Data in the News: The Race to Renewable Energy

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Collecting, analyzing, and reporting with data can be daunting. The person that SAGE Publishing — the parent of MethodSpace — turns to when it has questions is Diana Aleman – editor extraordinaire for SAGE Stats and U.S. Political Stats. And now she is bringing her trials, tribulations, and expertise with data to you in this blog, Tips with Diana. Stay tuned for Diana’s experiences, tips, and tricks with finding, analyzing and visualizing data. View Diana’s blog in its native habitat HERE.

In honor of Climate Month in September and Greta Thunberg’s emotional speech to the UN General Assembly, I thought that in this blog post we could investigate America’s dependence on fossil fuels and how much work needs to be done to power the U.S. solely through renewable energy. Note that this blog post is predicated on the assumption that climate change is real. For a further explanation on the data on climate change see my earlier blog post.

In February 2019, Rep. Alexandria Ocasio-Cortez, D-New York, proposed the Green New Deal, a plan that would address climate change and economic inequality. The core of the plan is simple: cut U.S. greenhouse gas emissions (carbon dioxide and methane) to net zero in the next ten years and move to entirely clean and renewable energy by 2030. This is an incredibly ambitious target and to examine how ambitious we need to look at the data.

The first step is to examine the current energy needs of the U.S. Fortunately the U.S. Energy Information Administration (EIA) publishes an annual data set on U.S. energy consumption, which we can map and analyze on SAGE Stats and that I charted here as well.

Source: Energy Information Administration (Department of Energy). (2019). EIA State Energy Data: Energy consumption (state) [dataset]. Washington, DC: SAGE Stats by SAGE Publishing. Available from

As you can see from the graph U.S. energy consumption has increased since the 1990s, but for the past decade has remained reasonably constant at 100,000 trillion British Thermal Units (Btu). But what proportion of that consumed energy is currently generated by renewable energy? In other words, how far does the U.S. have to go to reach 100 percent renewable energy by 2030?

To answer this question we turn to EIA data that details the amount of electricity generated through renewable sources.I downloaded the data set and calculated totals for every year in order to create this graph charting the amount of energy produced by the U.S. from 2003 to 2017. As you can see renewable energy generation has almost doubled, which indicates the U.S. has made significant strides just in the past two decades.

Source: Energy Information Administration (Department of Energy). (2019). EIA Renewable Energy Trends: Electricity generated through renewable sources (state) [dataset]. Washington, DC: SAGE Stats by SAGE Publishing. Available from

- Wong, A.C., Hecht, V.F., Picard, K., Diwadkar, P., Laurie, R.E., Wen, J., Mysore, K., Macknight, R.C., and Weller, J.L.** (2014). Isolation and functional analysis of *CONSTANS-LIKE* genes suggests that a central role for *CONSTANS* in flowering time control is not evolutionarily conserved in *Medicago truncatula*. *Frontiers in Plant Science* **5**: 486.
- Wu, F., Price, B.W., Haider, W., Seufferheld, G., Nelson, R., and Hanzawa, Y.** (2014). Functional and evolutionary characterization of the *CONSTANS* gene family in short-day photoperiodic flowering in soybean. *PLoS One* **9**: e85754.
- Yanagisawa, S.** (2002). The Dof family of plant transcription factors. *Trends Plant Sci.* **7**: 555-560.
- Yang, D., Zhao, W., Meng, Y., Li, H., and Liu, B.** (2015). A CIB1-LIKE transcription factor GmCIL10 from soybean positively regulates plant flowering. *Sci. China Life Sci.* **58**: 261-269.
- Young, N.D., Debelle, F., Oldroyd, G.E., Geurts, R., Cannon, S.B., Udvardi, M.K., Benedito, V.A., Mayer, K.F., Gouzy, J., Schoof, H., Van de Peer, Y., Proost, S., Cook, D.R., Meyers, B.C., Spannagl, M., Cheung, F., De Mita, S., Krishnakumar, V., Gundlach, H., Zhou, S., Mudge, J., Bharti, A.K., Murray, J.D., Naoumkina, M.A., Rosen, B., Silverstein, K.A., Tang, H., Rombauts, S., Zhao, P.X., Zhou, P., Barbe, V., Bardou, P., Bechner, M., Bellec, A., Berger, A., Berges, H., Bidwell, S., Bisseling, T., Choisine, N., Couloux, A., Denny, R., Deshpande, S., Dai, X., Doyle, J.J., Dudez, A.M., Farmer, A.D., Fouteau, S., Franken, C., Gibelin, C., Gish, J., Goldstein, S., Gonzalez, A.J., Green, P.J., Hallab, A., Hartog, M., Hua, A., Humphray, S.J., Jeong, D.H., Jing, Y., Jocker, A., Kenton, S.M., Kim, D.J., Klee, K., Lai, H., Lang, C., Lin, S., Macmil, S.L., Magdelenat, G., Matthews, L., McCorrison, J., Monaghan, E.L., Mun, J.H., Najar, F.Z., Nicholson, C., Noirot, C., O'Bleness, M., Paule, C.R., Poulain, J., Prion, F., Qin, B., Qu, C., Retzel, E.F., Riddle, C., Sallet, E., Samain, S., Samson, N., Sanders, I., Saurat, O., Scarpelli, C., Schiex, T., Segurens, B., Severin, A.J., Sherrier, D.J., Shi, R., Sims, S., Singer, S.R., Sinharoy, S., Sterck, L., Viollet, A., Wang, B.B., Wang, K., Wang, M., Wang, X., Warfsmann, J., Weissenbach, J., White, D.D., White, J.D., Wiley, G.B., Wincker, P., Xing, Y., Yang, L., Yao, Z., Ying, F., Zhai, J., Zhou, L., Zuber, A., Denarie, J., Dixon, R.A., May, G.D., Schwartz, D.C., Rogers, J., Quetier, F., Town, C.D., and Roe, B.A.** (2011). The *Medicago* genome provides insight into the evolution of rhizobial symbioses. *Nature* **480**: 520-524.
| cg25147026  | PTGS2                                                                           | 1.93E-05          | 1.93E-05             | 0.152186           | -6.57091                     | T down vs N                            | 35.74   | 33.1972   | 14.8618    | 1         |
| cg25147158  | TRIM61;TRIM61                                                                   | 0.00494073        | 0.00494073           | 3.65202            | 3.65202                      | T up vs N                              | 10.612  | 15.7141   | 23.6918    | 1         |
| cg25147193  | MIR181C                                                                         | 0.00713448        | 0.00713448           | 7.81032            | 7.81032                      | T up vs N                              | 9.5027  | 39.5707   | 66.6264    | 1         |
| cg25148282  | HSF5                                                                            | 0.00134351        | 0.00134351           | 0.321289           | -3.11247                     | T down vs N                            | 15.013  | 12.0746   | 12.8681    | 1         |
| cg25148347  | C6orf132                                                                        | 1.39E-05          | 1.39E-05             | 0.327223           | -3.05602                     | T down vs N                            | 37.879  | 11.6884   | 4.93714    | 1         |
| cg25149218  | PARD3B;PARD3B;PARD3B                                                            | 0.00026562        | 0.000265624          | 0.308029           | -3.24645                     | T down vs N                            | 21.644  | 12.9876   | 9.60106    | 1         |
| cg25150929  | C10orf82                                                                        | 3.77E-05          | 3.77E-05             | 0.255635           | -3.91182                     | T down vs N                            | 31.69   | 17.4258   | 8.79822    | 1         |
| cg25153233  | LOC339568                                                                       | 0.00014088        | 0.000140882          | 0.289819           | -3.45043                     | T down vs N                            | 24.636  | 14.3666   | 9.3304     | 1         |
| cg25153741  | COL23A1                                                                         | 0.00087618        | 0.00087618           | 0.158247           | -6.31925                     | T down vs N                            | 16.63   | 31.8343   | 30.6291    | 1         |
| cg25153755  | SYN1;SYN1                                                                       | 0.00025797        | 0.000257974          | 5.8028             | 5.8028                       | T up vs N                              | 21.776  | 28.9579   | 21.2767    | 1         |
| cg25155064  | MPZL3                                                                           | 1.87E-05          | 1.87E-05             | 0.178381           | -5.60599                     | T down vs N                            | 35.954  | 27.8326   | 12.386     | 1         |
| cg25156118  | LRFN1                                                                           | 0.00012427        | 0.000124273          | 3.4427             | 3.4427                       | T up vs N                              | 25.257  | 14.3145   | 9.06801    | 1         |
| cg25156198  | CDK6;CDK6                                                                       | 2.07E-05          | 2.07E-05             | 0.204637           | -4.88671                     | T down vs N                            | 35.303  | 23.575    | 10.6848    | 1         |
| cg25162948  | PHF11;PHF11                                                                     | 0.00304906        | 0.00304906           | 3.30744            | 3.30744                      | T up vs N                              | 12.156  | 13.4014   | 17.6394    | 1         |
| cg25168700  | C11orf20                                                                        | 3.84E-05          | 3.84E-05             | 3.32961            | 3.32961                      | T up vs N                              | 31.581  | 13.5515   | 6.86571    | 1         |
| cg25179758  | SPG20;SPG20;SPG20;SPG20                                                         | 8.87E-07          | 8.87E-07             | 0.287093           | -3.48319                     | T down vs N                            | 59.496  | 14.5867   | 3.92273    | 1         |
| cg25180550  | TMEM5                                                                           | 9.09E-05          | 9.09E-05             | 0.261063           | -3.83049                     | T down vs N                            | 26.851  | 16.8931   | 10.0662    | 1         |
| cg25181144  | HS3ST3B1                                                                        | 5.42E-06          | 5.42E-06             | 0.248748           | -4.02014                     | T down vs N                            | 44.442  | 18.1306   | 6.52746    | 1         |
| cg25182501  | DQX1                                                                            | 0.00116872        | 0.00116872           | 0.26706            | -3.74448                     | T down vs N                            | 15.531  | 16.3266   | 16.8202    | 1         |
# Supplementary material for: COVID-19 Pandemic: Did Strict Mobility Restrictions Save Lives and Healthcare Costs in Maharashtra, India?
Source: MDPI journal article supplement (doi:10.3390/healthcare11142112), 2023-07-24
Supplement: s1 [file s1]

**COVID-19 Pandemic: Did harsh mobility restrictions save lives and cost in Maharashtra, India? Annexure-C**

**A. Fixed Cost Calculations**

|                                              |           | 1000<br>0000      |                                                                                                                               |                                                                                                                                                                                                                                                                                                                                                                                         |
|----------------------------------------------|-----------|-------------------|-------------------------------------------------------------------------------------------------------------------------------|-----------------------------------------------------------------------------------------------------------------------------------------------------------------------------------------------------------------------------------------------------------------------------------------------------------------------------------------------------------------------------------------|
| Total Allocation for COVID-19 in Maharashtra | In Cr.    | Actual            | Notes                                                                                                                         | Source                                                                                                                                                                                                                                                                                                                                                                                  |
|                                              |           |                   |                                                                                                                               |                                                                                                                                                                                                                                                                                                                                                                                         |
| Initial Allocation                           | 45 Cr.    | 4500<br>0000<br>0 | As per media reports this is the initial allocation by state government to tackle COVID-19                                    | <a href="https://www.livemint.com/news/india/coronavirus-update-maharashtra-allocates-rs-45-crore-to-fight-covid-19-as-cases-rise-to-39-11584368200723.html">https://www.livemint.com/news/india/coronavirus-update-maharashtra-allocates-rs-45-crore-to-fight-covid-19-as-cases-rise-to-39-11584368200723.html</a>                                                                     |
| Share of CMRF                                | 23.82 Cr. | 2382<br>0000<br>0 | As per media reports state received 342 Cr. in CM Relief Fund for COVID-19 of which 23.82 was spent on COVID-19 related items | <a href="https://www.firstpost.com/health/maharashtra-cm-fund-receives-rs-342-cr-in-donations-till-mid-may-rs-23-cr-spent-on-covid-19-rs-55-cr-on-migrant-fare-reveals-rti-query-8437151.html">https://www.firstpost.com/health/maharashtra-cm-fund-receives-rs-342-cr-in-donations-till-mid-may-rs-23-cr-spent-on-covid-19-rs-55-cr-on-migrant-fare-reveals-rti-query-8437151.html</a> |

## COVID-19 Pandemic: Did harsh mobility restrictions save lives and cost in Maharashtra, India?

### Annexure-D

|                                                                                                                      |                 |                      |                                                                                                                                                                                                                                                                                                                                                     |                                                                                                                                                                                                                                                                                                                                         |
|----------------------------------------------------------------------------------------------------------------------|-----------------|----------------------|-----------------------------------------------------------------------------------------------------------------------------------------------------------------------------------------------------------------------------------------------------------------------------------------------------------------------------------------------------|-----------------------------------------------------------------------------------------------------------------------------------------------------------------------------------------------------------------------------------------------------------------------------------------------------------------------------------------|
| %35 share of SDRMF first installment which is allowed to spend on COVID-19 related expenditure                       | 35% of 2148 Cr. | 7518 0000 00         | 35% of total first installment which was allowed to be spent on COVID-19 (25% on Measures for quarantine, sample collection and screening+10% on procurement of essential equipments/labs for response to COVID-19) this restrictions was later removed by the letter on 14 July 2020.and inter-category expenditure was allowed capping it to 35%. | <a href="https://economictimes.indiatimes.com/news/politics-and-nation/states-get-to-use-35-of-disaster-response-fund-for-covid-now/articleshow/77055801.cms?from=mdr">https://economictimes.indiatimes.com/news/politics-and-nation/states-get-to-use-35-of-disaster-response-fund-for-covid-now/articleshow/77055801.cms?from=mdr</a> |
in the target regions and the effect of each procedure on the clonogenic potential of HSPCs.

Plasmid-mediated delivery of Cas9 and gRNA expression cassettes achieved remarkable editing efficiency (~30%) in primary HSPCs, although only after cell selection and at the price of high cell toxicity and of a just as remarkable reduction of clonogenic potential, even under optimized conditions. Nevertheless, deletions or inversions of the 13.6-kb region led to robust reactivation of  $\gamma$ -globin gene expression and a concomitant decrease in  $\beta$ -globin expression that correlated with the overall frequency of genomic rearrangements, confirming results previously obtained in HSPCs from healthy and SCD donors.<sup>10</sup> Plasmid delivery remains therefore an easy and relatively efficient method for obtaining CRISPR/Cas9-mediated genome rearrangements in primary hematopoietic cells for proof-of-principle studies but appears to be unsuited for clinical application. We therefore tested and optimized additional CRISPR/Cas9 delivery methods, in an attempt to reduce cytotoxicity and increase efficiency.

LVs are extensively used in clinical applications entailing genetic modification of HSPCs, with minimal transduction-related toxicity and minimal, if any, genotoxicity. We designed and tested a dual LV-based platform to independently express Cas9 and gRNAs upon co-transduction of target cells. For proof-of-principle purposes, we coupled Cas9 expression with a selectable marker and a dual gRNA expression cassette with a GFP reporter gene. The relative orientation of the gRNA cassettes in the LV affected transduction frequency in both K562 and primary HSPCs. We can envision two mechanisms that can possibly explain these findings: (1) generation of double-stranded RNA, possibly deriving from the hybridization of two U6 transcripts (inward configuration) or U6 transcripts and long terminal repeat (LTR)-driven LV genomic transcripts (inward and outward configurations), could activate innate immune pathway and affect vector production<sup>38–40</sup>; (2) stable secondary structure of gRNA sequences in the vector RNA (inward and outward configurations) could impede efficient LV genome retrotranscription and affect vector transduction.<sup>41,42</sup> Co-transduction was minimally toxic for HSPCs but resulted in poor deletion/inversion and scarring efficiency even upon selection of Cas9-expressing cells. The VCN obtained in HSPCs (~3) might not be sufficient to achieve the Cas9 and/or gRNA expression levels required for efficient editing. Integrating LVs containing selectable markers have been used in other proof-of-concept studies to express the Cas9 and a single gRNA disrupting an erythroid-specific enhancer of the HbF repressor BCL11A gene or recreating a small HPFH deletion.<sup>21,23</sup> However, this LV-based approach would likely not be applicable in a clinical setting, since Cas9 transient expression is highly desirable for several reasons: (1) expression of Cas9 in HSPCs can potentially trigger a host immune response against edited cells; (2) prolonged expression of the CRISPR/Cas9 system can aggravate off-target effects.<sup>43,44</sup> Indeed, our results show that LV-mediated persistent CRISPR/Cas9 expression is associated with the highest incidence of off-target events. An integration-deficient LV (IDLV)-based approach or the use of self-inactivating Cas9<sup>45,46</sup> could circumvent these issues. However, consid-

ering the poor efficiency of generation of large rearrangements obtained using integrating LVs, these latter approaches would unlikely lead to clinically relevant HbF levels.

However, the more eagle eyed among you will have noticed that the EIA has produced data on renewable energy generation in Kilowatt hours (kWh) whilst data on energy consumption of the U.S. is in British Thermal Units (Btu). We can’t directly compare data sets that are using different measures. Therefore, I needed to convert Kilowatt hours into British thermal units. One kilowatt hour is equivalent to 3,412.141633 British thermal units. But if you don’t feel like doing the math you can always use an online calculator!

Source: Energy Information Administration (Department of Energy). (2019). EIA Renewable Energy Trends: Electricity generated through renewable sources (state) [dataset]. Washington, DC: SAGE Stats by SAGE Publishing. Available from

Thus according to my calculations based on the EIA data I’ve collected here, in 2016 the U.S. produced 2,079,512,908,842,100.00 (Btu) in renewable energy generation out of a total 97,314,700,000,000,000.00 (Btu). Or 2.1 percent of America’s energy needs, which suggests that the Green New Deal will be a vast undertaking. But here’s where things get a little more positive! According to the “Percent of Electricity Generated through Renewable Sources” dataset, the U.S. generated 14.9 percent of its energy need through renewable sources in 2016 and this number increased to 16.3 percent in 2017.

So why the discrepancy? One possible explanation is in the differing definitions of “renewable energy” and what energy sources are included in this term for the data sets I’ve used. For instance, nuclear energy whilst not emitting greenhouse gases does produce different forms of pollution. Additionally, much of the fissionable energy for generating electricity comes from uranium, a non-renewable metal that needs to be extracted through mines.

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